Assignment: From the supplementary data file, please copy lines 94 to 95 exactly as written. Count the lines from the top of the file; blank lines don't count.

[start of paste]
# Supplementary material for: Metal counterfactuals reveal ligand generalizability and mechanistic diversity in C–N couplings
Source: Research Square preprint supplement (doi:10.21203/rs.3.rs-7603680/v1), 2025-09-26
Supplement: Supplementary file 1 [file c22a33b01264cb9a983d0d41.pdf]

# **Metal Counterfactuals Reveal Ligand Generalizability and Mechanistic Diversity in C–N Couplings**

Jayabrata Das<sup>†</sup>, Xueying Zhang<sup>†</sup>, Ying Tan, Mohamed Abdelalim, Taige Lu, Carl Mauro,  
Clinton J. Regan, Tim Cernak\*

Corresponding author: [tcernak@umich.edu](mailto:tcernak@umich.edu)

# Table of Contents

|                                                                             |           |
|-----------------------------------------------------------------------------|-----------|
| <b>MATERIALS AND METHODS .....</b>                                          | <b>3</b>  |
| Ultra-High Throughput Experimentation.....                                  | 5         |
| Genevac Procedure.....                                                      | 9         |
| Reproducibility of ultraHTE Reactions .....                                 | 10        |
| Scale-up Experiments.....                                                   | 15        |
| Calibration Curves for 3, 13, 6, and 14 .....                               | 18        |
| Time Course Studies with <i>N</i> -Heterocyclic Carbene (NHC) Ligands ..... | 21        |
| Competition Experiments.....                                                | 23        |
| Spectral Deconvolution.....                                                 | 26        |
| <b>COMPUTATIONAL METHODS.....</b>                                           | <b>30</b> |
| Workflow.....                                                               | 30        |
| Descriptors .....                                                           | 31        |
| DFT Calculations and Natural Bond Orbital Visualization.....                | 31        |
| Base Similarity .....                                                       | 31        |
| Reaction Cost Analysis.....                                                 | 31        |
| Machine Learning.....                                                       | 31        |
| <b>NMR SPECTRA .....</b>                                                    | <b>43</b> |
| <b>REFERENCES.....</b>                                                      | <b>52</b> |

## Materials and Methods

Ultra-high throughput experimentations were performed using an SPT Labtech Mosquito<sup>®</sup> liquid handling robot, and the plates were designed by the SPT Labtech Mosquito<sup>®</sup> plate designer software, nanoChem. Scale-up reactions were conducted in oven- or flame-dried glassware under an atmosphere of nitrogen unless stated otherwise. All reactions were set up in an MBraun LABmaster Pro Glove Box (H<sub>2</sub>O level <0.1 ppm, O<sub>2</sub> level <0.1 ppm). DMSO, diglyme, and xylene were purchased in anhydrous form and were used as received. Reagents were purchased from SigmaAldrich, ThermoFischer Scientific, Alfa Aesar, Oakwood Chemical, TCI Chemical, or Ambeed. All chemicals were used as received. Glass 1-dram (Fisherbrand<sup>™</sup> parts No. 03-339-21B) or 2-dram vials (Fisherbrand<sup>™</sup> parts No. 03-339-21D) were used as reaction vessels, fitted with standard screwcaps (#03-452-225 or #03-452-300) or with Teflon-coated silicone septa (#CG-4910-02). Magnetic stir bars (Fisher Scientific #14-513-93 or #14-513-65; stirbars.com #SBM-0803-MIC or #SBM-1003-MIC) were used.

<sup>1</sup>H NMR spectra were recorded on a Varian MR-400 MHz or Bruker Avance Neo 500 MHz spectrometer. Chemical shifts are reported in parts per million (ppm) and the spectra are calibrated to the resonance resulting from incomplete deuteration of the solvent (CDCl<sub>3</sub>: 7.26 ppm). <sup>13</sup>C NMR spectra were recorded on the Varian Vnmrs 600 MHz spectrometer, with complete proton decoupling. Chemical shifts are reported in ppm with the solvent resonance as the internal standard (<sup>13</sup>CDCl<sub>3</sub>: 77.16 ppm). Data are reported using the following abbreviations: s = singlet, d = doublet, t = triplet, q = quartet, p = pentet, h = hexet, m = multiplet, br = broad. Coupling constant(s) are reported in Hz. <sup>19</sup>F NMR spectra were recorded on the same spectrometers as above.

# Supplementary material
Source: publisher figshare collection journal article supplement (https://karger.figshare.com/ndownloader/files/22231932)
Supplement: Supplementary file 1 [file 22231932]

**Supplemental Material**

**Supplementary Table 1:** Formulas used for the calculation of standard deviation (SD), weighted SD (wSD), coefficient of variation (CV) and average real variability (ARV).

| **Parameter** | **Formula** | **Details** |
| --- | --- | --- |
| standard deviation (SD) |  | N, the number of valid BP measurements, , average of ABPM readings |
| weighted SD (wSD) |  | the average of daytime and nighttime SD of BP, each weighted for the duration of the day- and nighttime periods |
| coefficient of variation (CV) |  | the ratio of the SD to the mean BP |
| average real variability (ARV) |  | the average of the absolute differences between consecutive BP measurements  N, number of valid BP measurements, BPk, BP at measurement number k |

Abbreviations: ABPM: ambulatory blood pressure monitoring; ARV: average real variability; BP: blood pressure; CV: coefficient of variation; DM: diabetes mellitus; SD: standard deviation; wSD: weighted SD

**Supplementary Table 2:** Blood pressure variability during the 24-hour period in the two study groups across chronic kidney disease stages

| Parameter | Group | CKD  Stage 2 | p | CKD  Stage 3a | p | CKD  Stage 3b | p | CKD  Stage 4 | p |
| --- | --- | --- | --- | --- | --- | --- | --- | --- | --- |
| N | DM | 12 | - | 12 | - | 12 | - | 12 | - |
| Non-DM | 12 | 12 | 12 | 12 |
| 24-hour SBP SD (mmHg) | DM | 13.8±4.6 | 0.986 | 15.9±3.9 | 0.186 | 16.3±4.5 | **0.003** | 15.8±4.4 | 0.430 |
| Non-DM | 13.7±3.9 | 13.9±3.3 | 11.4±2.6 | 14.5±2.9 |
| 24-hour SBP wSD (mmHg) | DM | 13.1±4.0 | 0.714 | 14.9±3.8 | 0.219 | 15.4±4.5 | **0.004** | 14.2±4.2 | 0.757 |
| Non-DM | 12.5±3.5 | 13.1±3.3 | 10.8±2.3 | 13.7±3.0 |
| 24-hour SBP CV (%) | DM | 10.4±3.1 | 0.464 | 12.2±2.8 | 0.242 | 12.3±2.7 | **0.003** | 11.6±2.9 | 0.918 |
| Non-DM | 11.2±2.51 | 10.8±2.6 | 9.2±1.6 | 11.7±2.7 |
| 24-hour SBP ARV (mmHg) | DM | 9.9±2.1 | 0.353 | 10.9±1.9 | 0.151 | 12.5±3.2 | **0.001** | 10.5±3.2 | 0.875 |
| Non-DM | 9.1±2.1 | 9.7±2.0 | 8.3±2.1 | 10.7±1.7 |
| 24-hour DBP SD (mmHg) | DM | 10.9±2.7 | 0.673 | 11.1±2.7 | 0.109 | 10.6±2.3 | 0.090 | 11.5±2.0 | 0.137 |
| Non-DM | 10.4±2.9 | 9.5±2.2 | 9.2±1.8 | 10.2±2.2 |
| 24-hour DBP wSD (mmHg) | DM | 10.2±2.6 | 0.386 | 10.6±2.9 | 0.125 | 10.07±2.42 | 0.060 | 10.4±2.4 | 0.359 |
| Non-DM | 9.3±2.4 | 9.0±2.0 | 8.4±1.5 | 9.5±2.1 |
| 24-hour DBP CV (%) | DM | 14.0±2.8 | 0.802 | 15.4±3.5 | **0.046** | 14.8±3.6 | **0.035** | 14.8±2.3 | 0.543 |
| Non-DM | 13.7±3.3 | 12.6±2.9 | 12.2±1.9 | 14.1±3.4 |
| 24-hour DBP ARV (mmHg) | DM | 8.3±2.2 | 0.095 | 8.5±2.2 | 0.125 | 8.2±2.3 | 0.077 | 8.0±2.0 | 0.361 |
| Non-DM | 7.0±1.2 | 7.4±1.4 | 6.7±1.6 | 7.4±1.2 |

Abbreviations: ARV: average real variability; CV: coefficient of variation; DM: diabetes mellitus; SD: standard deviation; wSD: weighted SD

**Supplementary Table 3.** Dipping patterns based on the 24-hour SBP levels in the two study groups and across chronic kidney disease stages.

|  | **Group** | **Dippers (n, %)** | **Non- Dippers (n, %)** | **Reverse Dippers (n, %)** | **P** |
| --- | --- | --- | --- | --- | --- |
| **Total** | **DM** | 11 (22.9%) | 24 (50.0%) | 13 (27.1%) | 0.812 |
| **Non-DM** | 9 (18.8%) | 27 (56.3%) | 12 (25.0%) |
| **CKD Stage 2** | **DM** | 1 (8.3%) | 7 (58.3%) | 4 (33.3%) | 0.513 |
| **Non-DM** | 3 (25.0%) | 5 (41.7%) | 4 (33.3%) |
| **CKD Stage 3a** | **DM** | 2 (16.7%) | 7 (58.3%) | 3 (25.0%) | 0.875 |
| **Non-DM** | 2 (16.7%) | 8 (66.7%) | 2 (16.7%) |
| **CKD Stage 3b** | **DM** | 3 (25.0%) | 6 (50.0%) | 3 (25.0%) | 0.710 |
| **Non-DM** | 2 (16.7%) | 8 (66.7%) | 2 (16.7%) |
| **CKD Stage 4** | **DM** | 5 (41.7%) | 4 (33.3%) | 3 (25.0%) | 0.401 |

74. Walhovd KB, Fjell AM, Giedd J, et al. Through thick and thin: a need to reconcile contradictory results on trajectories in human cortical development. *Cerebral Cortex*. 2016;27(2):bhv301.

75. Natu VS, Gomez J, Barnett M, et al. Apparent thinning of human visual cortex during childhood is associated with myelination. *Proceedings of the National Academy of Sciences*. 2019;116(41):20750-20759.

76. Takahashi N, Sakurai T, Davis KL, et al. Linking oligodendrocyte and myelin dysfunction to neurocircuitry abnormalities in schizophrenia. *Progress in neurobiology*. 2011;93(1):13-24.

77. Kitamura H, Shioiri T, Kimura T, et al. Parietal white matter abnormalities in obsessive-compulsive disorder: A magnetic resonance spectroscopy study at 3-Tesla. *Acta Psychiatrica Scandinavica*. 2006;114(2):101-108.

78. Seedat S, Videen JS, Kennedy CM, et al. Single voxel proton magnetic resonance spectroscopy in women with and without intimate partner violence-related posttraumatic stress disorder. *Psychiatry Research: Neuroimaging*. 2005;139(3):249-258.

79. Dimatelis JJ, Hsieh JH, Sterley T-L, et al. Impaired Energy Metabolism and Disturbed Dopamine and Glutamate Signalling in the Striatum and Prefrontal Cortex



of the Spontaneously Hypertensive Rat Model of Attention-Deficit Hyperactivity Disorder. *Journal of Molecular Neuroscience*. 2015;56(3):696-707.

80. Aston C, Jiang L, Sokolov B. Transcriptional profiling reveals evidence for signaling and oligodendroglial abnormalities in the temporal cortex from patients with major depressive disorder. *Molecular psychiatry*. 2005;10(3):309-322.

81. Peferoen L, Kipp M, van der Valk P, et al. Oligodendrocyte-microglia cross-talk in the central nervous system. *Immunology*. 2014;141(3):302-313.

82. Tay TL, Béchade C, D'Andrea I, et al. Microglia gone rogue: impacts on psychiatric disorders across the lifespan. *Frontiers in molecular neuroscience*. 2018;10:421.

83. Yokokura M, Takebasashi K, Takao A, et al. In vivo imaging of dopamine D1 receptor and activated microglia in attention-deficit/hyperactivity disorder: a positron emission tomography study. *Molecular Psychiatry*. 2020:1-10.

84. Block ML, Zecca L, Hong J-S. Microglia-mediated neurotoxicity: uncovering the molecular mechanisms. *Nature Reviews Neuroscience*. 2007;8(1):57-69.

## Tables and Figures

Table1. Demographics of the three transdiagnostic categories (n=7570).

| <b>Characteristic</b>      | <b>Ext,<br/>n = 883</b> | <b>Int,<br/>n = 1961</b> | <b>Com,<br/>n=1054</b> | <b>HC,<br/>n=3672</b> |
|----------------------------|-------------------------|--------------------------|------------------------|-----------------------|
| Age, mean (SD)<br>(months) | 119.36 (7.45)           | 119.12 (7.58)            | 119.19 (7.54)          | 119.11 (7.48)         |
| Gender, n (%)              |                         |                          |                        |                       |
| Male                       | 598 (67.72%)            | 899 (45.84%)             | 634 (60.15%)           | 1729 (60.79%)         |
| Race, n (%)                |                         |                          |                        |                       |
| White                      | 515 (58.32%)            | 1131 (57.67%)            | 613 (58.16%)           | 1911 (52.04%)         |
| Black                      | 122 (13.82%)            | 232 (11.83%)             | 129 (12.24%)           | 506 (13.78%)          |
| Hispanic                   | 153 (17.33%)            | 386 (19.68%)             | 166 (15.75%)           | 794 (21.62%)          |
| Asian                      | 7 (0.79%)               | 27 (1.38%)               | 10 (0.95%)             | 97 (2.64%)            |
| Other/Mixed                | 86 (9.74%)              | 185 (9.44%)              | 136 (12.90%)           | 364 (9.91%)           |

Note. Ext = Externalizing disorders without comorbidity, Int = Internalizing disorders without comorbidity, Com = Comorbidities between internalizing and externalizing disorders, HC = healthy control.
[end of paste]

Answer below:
| Age, mean (SD)<br>(months) | 119.36 (7.45)           | 119.12 (7.58)            | 119.19 (7.54)          | 119.11 (7.48)         |
| Gender, n (%)              |                         |                          |                        |                       |